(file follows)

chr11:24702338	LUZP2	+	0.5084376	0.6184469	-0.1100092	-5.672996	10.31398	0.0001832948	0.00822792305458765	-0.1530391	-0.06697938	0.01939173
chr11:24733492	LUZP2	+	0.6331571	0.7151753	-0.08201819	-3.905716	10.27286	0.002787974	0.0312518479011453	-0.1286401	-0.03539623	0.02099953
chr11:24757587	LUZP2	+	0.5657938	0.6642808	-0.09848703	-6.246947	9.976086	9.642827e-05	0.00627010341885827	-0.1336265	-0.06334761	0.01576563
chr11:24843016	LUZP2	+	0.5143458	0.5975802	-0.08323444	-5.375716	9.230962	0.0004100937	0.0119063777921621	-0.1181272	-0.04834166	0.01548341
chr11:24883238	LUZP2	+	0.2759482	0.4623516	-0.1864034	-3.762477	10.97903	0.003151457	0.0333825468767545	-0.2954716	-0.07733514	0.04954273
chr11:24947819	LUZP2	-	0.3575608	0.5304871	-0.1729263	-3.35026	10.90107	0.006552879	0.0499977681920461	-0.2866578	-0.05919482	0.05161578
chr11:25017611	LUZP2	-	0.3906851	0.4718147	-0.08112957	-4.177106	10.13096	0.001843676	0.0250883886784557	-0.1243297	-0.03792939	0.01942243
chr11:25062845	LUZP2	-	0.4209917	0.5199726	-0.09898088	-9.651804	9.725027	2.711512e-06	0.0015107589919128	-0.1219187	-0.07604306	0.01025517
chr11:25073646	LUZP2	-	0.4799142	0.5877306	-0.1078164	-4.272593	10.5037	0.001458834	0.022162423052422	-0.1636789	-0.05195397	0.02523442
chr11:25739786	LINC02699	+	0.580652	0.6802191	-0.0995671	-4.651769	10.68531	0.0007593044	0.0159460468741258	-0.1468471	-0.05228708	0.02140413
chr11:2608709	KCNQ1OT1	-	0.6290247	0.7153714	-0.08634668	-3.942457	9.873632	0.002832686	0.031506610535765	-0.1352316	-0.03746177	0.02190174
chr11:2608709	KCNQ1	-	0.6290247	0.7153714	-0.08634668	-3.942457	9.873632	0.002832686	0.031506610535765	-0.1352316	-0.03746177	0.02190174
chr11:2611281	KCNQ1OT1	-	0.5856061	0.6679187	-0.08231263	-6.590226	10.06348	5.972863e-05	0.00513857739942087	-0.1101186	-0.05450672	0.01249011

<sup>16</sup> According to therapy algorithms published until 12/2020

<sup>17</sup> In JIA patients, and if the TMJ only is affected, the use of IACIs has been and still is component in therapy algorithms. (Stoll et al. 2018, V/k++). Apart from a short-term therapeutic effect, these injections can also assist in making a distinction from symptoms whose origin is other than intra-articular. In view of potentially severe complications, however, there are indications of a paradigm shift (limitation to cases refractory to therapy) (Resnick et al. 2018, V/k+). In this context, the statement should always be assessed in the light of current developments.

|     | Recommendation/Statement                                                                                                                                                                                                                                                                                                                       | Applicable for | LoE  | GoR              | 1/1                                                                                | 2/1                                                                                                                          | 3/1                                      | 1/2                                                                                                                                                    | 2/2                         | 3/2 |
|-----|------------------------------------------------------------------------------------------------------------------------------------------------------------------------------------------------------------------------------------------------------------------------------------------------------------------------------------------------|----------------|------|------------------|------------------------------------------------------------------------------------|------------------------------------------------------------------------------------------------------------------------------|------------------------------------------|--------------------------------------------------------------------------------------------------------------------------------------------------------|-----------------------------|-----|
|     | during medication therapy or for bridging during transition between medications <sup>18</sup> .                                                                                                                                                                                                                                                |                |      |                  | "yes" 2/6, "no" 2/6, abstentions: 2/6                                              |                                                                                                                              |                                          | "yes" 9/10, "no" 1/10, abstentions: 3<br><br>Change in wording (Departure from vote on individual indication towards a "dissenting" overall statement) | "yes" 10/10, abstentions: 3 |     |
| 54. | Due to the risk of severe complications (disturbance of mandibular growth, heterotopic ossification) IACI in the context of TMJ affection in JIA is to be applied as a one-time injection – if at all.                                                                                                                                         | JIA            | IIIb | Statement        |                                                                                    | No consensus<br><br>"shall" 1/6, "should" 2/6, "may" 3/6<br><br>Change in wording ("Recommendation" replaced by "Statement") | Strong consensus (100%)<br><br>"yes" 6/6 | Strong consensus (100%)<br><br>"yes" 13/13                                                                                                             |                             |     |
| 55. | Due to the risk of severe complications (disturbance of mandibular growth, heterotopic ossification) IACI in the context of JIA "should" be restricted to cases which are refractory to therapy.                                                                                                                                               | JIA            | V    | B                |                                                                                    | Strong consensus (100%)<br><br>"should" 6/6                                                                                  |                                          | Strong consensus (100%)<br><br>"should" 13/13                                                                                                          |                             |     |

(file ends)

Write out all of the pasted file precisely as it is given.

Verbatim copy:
chr11:24702338	LUZP2	+	0.5084376	0.6184469	-0.1100092	-5.672996	10.31398	0.0001832948	0.00822792305458765	-0.1530391	-0.06697938	0.01939173
chr11:24733492	LUZP2	+	0.6331571	0.7151753	-0.08201819	-3.905716	10.27286	0.002787974	0.0312518479011453	-0.1286401	-0.03539623	0.02099953
chr11:24757587	LUZP2	+	0.5657938	0.6642808	-0.09848703	-6.246947	9.976086	9.642827e-05	0.00627010341885827	-0.1336265	-0.06334761	0.01576563
chr11:24843016	LUZP2	+	0.5143458	0.5975802	-0.08323444	-5.375716	9.230962	0.0004100937	0.0119063777921621	-0.1181272	-0.04834166	0.01548341
chr11:24883238	LUZP2	+	0.2759482	0.4623516	-0.1864034	-3.762477	10.97903	0.003151457	0.0333825468767545	-0.2954716	-0.07733514	0.04954273
chr11:24947819	LUZP2	-	0.3575608	0.5304871	-0.1729263	-3.35026	10.90107	0.006552879	0.0499977681920461	-0.2866578	-0.05919482	0.05161578
chr11:25017611	LUZP2	-	0.3906851	0.4718147	-0.08112957	-4.177106	10.13096	0.001843676	0.0250883886784557	-0.1243297	-0.03792939	0.01942243
chr11:25062845	LUZP2	-	0.4209917	0.5199726	-0.09898088	-9.651804	9.725027	2.711512e-06	0.0015107589919128	-0.1219187	-0.07604306	0.01025517
chr11:25073646	LUZP2	-	0.4799142	0.5877306	-0.1078164	-4.272593	10.5037	0.001458834	0.022162423052422	-0.1636789	-0.05195397	0.02523442
chr11:25739786	LINC02699	+	0.580652	0.6802191	-0.0995671	-4.651769	10.68531	0.0007593044	0.0159460468741258	-0.1468471	-0.05228708	0.02140413
chr11:2608709	KCNQ1OT1	-	0.6290247	0.7153714	-0.08634668	-3.942457	9.873632	0.002832686	0.031506610535765	-0.1352316	-0.03746177	0.02190174
chr11:2608709	KCNQ1	-	0.6290247	0.7153714	-0.08634668	-3.942457	9.873632	0.002832686	0.031506610535765	-0.1352316	-0.03746177	0.02190174
chr11:2611281	KCNQ1OT1	-	0.5856061	0.6679187	-0.08231263	-6.590226	10.06348	5.972863e-05	0.00513857739942087	-0.1101186	-0.05450672	0.01249011

<sup>16</sup> According to therapy algorithms published until 12/2020

<sup>17</sup> In JIA patients, and if the TMJ only is affected, the use of IACIs has been and still is component in therapy algorithms. (Stoll et al. 2018, V/k++). Apart from a short-term therapeutic effect, these injections can also assist in making a distinction from symptoms whose origin is other than intra-articular. In view of potentially severe complications, however, there are indications of a paradigm shift (limitation to cases refractory to therapy) (Resnick et al. 2018, V/k+). In this context, the statement should always be assessed in the light of current developments.

|     | Recommendation/Statement                                                                                                                                                                                                                                                                                                                       | Applicable for | LoE  | GoR              | 1/1                                                                                | 2/1                                                                                                                          | 3/1                                      | 1/2                                                                                                                                                    | 2/2                         | 3/2 |
|-----|------------------------------------------------------------------------------------------------------------------------------------------------------------------------------------------------------------------------------------------------------------------------------------------------------------------------------------------------|----------------|------|------------------|------------------------------------------------------------------------------------|------------------------------------------------------------------------------------------------------------------------------|------------------------------------------|--------------------------------------------------------------------------------------------------------------------------------------------------------|-----------------------------|-----|
|     | during medication therapy or for bridging during transition between medications <sup>18</sup> .                                                                                                                                                                                                                                                |                |      |                  | "yes" 2/6, "no" 2/6, abstentions: 2/6                                              |                                                                                                                              |                                          | "yes" 9/10, "no" 1/10, abstentions: 3<br><br>Change in wording (Departure from vote on individual indication towards a "dissenting" overall statement) | "yes" 10/10, abstentions: 3 |     |
| 54. | Due to the risk of severe complications (disturbance of mandibular growth, heterotopic ossification) IACI in the context of TMJ affection in JIA is to be applied as a one-time injection – if at all.                                                                                                                                         | JIA            | IIIb | Statement        |                                                                                    | No consensus<br><br>"shall" 1/6, "should" 2/6, "may" 3/6<br><br>Change in wording ("Recommendation" replaced by "Statement") | Strong consensus (100%)<br><br>"yes" 6/6 | Strong consensus (100%)<br><br>"yes" 13/13                                                                                                             |                             |     |
| 55. | Due to the risk of severe complications (disturbance of mandibular growth, heterotopic ossification) IACI in the context of JIA "should" be restricted to cases which are refractory to therapy.                                                                                                                                               | JIA            | V    | B                |                                                                                    | Strong consensus (100%)<br><br>"should" 6/6                                                                                  |                                          | Strong consensus (100%)<br><br>"should" 13/13                                                                                                          |                             |     |